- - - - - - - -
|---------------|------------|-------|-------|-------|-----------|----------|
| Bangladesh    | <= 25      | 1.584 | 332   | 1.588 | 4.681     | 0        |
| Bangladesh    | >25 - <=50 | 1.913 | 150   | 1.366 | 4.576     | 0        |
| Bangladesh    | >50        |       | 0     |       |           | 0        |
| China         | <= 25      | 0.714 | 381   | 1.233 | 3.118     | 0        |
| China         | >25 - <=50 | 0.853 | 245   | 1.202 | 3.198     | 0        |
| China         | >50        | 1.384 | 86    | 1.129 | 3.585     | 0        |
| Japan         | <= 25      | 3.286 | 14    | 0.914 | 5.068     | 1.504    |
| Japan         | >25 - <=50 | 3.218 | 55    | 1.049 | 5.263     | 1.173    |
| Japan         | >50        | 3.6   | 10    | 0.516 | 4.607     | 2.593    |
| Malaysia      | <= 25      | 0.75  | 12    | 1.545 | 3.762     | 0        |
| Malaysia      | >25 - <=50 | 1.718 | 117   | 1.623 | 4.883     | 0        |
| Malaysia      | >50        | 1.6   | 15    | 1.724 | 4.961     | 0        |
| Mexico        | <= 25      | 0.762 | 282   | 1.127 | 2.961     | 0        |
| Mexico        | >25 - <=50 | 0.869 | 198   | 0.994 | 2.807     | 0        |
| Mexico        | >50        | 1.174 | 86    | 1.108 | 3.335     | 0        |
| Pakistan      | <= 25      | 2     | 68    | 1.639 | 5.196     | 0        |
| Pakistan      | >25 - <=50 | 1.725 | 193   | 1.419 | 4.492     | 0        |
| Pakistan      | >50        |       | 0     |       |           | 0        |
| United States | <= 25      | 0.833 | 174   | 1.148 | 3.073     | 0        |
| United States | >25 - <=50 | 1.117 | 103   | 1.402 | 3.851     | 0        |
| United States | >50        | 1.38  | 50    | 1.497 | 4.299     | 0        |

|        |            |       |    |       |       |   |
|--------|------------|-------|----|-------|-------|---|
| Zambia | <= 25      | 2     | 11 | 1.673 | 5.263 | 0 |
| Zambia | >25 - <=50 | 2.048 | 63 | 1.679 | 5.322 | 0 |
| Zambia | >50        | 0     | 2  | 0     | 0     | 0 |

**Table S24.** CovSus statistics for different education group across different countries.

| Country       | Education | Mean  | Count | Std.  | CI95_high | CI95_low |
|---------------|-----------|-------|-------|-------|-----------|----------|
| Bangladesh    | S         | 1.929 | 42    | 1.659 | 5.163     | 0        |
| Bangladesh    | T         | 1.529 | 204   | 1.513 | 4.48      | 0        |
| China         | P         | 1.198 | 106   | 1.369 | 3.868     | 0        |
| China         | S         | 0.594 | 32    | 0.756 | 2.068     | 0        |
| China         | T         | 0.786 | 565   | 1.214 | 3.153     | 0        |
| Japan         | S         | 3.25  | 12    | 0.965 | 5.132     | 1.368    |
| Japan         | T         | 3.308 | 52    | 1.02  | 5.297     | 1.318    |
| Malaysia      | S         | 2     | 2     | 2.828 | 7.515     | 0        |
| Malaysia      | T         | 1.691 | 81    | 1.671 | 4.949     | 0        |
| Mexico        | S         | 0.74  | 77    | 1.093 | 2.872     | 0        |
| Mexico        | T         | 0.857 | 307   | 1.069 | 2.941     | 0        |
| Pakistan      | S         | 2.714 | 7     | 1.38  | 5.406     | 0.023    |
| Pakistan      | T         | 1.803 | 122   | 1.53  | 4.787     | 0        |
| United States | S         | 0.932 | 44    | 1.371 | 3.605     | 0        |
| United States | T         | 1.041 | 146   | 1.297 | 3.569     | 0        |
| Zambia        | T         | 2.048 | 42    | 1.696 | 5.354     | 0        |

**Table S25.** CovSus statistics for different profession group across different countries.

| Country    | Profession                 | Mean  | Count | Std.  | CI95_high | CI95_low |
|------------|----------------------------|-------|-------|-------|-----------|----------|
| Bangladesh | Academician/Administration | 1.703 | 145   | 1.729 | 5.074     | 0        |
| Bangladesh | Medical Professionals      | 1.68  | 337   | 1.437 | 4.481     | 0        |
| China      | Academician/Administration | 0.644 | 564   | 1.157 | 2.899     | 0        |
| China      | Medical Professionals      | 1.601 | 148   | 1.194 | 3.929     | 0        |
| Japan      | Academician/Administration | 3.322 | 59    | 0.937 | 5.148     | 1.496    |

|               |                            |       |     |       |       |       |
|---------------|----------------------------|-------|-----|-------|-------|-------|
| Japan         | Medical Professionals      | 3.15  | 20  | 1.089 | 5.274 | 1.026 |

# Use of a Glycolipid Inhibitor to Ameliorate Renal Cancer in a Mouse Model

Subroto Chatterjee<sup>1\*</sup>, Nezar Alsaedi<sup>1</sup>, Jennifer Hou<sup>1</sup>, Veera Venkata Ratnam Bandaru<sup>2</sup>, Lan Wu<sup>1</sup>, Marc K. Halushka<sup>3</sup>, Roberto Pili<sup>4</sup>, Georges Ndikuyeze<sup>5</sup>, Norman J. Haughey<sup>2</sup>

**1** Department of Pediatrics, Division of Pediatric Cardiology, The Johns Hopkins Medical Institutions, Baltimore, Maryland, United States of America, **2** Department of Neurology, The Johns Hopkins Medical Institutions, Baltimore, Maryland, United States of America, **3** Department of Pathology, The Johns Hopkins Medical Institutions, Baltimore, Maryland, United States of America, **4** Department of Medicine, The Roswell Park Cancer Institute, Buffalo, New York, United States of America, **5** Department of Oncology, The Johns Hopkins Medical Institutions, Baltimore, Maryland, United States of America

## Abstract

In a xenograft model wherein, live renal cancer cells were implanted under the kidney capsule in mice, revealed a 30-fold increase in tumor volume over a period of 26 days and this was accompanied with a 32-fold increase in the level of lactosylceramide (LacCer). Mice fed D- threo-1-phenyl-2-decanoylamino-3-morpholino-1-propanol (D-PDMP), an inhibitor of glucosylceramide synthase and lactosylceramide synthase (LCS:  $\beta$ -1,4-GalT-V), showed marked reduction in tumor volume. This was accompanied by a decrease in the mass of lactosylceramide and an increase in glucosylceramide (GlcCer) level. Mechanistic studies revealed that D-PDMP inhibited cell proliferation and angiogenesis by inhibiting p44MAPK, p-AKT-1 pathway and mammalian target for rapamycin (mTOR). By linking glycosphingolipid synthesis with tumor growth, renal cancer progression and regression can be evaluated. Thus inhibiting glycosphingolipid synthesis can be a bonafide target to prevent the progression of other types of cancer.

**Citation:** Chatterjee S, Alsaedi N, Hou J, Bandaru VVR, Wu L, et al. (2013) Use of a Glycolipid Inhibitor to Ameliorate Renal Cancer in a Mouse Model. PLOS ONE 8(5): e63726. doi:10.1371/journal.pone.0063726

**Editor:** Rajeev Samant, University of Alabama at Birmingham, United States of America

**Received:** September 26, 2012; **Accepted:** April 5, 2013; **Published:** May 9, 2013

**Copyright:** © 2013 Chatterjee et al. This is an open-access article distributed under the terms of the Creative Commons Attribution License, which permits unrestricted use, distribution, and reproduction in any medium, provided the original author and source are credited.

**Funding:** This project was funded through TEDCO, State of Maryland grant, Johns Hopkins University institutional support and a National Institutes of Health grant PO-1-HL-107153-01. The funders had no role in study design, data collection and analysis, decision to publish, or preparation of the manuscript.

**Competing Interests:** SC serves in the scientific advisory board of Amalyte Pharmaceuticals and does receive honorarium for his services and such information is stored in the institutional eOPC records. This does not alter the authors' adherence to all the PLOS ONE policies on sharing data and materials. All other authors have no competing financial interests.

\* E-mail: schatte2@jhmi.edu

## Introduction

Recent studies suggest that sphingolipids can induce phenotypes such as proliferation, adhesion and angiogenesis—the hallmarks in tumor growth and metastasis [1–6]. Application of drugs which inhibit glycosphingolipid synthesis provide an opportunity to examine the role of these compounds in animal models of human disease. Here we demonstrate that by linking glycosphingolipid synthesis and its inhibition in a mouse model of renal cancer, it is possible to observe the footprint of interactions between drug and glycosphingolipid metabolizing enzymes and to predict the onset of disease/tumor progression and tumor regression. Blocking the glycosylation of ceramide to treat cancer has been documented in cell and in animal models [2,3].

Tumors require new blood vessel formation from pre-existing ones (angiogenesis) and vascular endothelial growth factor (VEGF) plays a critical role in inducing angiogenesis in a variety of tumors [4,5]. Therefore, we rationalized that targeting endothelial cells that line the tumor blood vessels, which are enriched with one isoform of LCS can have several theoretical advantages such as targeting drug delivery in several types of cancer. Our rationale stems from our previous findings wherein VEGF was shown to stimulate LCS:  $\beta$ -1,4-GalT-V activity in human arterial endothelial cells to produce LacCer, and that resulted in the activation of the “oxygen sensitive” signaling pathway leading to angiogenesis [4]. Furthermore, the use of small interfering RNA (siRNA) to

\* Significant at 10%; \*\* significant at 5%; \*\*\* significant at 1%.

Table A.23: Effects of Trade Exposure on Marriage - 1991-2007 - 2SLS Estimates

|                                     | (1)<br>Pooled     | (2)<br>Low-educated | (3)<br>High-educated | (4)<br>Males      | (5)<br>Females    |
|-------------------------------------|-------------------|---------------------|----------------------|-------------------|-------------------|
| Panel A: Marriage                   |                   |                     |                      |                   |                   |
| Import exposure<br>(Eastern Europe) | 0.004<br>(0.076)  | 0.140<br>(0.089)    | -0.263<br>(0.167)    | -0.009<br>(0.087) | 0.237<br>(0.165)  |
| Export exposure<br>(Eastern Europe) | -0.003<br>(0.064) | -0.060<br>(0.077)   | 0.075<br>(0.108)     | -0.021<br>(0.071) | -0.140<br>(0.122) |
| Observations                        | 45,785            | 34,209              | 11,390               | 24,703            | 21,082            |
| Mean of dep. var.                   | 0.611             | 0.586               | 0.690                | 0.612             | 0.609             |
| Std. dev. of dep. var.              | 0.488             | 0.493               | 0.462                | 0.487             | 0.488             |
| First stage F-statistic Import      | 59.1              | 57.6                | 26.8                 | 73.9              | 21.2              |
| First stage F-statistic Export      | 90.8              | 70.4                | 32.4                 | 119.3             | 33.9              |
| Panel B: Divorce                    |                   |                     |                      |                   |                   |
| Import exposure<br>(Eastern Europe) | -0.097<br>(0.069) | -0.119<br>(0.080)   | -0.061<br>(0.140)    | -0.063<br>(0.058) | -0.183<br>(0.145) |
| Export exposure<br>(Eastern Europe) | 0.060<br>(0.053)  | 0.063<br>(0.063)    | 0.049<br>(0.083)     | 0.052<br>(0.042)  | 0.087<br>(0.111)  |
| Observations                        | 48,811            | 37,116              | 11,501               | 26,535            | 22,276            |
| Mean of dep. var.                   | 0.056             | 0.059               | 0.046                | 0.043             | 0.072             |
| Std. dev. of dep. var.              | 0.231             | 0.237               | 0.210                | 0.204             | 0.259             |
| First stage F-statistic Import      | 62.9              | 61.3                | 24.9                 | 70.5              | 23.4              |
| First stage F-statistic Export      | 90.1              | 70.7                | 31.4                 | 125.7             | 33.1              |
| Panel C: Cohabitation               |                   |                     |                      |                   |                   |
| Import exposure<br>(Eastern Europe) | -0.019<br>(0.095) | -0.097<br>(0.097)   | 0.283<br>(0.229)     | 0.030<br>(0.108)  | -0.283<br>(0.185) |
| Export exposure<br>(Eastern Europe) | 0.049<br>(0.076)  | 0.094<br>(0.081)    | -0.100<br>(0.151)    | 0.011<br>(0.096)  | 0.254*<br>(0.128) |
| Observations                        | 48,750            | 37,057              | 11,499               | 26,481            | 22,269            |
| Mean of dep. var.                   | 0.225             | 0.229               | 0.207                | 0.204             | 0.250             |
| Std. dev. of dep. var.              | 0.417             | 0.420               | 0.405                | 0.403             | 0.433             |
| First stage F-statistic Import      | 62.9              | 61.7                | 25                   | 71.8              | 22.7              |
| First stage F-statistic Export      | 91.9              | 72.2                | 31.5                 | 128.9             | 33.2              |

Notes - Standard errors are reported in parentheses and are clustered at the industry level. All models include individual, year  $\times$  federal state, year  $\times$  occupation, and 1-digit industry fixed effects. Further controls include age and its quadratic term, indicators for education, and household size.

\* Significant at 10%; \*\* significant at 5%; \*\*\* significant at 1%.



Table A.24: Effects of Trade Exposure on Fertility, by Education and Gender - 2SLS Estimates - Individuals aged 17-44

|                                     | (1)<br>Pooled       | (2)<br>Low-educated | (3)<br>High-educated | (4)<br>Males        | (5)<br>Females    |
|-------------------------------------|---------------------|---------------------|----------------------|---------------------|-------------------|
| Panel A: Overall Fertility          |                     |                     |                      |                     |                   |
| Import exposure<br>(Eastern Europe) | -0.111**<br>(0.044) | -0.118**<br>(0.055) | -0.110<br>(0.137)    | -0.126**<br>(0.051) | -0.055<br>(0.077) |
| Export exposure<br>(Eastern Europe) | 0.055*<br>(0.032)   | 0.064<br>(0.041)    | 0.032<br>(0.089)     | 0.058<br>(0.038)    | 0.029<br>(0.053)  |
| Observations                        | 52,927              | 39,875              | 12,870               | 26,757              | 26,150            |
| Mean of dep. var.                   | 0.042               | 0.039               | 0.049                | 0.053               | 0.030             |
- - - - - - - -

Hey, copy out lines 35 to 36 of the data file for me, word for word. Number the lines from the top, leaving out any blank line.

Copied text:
| China         | T         | 0.786 | 565   | 1.214 | 3.153     | 0        |
| Japan         | S         | 3.25  | 12    | 0.965 | 5.132     | 1.368    |